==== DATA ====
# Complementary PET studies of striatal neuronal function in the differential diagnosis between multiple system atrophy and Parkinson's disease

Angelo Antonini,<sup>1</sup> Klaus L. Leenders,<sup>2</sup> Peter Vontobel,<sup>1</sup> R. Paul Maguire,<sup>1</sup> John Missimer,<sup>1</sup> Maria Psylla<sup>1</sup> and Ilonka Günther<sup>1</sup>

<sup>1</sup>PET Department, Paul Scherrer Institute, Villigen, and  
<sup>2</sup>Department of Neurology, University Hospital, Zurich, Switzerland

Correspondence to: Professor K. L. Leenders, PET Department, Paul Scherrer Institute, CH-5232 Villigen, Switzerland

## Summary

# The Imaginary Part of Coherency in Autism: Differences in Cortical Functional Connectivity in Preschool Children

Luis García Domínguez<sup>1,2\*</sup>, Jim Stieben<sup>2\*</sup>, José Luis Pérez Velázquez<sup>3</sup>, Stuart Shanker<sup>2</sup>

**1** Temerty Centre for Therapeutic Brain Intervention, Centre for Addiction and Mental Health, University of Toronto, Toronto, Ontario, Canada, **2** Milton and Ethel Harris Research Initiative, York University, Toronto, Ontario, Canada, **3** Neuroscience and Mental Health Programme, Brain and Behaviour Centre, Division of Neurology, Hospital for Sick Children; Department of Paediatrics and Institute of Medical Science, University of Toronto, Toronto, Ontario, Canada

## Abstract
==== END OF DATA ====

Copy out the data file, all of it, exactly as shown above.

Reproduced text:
# Complementary PET studies of striatal neuronal function in the differential diagnosis between multiple system atrophy and Parkinson's disease

Angelo Antonini,<sup>1</sup> Klaus L. Leenders,<sup>2</sup> Peter Vontobel,<sup>1</sup> R. Paul Maguire,<sup>1</sup> John Missimer,<sup>1</sup> Maria Psylla<sup>1</sup> and Ilonka Günther<sup>1</sup>

<sup>1</sup>PET Department, Paul Scherrer Institute, Villigen, and  
<sup>2</sup>Department of Neurology, University Hospital, Zurich, Switzerland

Correspondence to: Professor K. L. Leenders, PET Department, Paul Scherrer Institute, CH-5232 Villigen, Switzerland

## Summary

# The Imaginary Part of Coherency in Autism: Differences in Cortical Functional Connectivity in Preschool Children

Luis García Domínguez<sup>1,2\*</sup>, Jim Stieben<sup>2\*</sup>, José Luis Pérez Velázquez<sup>3</sup>, Stuart Shanker<sup>2</sup>

**1** Temerty Centre for Therapeutic Brain Intervention, Centre for Addiction and Mental Health, University of Toronto, Toronto, Ontario, Canada, **2** Milton and Ethel Harris Research Initiative, York University, Toronto, Ontario, Canada, **3** Neuroscience and Mental Health Programme, Brain and Behaviour Centre, Division of Neurology, Hospital for Sick Children; Department of Paediatrics and Institute of Medical Science, University of Toronto, Toronto, Ontario, Canada

## Abstract